After becoming a mom of two in August, Maddie Brush, one of the stars of TLC’s Sister Wives, has been fairly open about her transition to mom-of-two. She admitted that the lifestyle change has “kicked her a**,” but she knows she’s doing her very best to be the best mom she can be.
However, while opening up about that part of her life, Brush and her husband Caleb were dealing with more behind the scenes. The mom wrote on Instagram that she wasn’t sure if she wanted to share her newborn daughter’s health issues with the public but ultimately made the decision to do so nearly two months after her birth.
On August 20, Brush announced that their daughter, Evangalynn Kodi Brush, was “born right on time and just right.” What she didn’t say at the time was that Evangalynn, who they affectionately call Evie, was born with a rare medical syndrome.
The couple said they knew about their daughter’s diagnosis prior to her birth, but they ultimately decided to share her diagnosis so that other families out there going through something similar can know they aren’t alone.
Brush explained on Instagram:
This is one of the hardest things that Caleb and I have gone through and the decision to share almost as difficult, but after a lot of consideration, we realized that it’s the best thing for our daughter and there is a chance it may help other parents who may also be struggling. Our beautiful baby daughter Evie has been diagnosed with FATCO syndrome (basically the abbreviation for lots of intense Latin words). It’s a rare medical syndrome where bones in extremities do not fully develop.
It was during a routine ultrasound at 26 weeks gestation that Maddie and Caleb learned their daughter had oligodactyly, the presence of fewer than five fingers or toes on the hand or foot. So when they met their daughter for the first time on August 20, Brush admitted, “it wasn’t a complete surprise.”
“We knew something was wrong when we went in for a routine anatomy ultrasound at 26 weeks and what should have taken 45 minutes, ended up lasting a nerve-wracking two hours. It was then that the doctor told us that they couldn’t find all ten fingers and diagnosed the baby with oligodactyly. Although this was better than expected, it was still heartbreaking news.”
However, when they initially received Evie’s diagnosis, the parents assumed it meant that their baby girl was missing one finger. But as Brush revealed on Instagram, “when Evie was born, Caleb and I found out our precious little girl was missing more than just one finger. She was missing three fingers, a toe, and her fibula. She also had a bowed tibia, a shortened forearm and some fusing in her fingers. It was at this point, the doctors diagnosed her with FATCO syndrome.”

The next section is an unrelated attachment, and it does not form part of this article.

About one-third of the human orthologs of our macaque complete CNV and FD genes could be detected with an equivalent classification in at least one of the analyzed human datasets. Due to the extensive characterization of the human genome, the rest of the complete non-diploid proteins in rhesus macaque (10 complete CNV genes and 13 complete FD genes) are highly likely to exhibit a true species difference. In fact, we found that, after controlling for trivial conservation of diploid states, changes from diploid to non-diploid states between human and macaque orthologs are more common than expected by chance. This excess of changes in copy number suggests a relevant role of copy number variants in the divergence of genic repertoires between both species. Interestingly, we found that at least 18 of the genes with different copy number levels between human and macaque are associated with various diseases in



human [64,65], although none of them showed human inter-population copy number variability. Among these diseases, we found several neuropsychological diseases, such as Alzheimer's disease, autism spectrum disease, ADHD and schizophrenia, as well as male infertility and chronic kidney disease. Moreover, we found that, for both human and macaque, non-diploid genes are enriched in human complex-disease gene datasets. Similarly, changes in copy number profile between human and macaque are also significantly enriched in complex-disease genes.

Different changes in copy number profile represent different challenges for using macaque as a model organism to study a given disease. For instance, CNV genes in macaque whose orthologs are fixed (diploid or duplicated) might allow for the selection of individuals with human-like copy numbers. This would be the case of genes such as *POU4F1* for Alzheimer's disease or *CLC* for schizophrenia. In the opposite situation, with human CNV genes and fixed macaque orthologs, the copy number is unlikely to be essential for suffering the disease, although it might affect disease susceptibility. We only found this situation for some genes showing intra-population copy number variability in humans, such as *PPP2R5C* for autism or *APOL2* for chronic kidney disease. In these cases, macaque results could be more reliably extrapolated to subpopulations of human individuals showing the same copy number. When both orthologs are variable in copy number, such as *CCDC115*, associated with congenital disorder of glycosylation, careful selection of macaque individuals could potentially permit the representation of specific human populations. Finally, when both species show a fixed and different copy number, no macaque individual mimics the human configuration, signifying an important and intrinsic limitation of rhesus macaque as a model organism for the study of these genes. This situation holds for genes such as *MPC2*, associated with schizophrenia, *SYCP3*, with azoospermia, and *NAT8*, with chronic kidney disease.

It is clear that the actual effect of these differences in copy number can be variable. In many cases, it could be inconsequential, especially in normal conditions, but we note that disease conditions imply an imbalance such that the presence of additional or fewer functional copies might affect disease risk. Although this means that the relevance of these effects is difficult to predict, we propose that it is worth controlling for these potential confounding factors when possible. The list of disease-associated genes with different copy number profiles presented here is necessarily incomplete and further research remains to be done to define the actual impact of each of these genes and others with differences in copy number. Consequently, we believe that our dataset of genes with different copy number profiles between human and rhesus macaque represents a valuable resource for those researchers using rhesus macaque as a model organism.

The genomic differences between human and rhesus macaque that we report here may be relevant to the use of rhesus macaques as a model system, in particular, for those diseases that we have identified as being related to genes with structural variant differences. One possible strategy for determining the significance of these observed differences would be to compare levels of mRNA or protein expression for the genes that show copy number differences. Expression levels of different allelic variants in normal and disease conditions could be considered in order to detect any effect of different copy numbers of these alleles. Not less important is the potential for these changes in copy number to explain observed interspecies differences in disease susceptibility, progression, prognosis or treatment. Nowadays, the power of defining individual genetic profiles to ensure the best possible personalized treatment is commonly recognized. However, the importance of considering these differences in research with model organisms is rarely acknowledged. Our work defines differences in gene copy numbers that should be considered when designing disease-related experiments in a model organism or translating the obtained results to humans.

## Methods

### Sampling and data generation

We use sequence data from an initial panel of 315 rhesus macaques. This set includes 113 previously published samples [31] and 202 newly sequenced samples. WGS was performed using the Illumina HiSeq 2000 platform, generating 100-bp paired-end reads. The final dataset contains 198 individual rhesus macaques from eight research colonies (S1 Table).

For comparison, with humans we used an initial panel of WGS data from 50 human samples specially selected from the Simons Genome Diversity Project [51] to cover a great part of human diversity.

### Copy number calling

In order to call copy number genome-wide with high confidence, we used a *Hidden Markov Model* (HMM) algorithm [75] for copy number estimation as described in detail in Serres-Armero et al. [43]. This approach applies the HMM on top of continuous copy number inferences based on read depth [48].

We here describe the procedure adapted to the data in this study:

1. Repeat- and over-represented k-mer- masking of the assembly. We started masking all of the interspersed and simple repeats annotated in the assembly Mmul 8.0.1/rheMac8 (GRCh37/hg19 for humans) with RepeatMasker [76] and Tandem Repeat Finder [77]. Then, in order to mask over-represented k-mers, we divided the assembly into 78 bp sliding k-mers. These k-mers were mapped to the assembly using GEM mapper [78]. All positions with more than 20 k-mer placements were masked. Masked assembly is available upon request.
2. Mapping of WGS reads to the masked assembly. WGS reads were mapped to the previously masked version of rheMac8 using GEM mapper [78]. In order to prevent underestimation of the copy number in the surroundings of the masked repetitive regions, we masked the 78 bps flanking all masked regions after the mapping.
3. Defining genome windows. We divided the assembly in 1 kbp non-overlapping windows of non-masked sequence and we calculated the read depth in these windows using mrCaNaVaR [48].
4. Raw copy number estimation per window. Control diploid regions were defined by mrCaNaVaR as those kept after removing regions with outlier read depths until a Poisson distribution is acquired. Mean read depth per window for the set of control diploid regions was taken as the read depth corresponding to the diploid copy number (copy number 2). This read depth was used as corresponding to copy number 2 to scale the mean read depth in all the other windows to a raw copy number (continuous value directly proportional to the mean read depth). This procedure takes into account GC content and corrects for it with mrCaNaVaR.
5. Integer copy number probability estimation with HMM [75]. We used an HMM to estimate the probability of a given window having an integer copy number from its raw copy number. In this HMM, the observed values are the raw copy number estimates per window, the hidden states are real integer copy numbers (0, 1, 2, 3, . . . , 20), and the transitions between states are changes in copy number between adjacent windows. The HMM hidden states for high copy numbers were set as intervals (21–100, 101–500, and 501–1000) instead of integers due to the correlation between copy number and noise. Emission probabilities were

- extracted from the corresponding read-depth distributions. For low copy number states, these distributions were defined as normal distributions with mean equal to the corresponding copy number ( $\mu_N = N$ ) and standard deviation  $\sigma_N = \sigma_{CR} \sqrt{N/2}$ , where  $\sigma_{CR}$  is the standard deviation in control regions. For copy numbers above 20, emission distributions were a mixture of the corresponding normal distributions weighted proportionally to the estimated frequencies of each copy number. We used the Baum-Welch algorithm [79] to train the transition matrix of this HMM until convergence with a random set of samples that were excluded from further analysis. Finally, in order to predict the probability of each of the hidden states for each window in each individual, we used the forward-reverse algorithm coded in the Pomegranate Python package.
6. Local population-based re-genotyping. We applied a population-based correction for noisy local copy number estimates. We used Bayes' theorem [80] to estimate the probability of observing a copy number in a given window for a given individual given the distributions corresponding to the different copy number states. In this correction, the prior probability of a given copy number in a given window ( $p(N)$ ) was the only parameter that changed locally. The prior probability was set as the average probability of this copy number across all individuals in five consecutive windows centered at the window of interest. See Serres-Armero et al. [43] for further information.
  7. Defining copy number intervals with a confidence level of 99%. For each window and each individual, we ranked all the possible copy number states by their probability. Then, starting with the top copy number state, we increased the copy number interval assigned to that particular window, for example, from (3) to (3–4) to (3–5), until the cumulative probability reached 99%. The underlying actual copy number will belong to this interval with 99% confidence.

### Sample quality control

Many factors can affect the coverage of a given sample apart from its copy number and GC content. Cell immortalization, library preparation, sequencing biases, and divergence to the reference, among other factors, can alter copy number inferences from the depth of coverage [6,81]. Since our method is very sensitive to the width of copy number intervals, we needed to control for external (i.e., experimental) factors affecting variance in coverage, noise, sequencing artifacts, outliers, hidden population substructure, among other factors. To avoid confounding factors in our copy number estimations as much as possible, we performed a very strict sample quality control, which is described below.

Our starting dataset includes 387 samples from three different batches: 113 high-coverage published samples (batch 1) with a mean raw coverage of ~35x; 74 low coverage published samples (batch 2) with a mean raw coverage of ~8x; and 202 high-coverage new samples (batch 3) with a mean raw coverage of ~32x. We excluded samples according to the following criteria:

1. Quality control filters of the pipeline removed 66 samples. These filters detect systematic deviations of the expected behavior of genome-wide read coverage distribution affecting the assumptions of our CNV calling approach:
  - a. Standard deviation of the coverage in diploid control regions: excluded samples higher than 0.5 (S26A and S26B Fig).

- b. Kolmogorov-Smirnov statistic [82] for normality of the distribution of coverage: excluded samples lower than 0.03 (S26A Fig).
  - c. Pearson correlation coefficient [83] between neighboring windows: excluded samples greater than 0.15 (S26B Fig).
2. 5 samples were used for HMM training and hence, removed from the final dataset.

According to the U.S. Department of Health and Human Sciences, FATCO syndrome is defined as a “rare, genetic, congenital limb malformation syndrome characterized by unilateral or bilateral fibular aplasia/hypoplasia, tibial campomelia, and lower limb oligosyndactyly involving the lateral rays. Upper limb oligosyndactyly and cleft lip/palate may also be associated.”
The odds of a child being diagnosed with FATCO syndrome is unclear. But Brush said they were told that there are “fewer than 10 recorded cases” of the syndrome and as a result, doctors don’t know what causes the condition.
Brush continued writing that she feared by sharing her daughter’s story, she “would become the target of mean jokes and cyberbullying.” However, the mom also didn’t want her daughter to think that by not talking about her diagnosis, they were ashamed of “something that makes her all the more special in our eyes.”
She told People that she felt a lot of “mom guilt” after learning about Evie’s diagnosis.
She wondered what she did wrong, or what she could have done more of:
“There were lots of emotions — lots of, ‘What did I do wrong? Could I have done anything?’ Just so much guilt. But I was also relieved because there could have been a whole lot more wrong. […] I’m sitting there and I’m like, ‘Oh, what did I do? Did I drink too much soda pop?’ And I’m feeling guilty and freaking out [that] there’s something wrong with my daughter.”
Brush said they will wait until Evie is a year old to decide what their next steps will be when looking into different surgeries that will help her daughter and also the possibility of amputation. Nonetheless, despite her diagnosis, Evie “is healthy in every other way aside from the missing bones.”
“As a family, we have decided to be open as we walk through this journey. We want Evie to always feel pride in who she is, and all that God gave her!”
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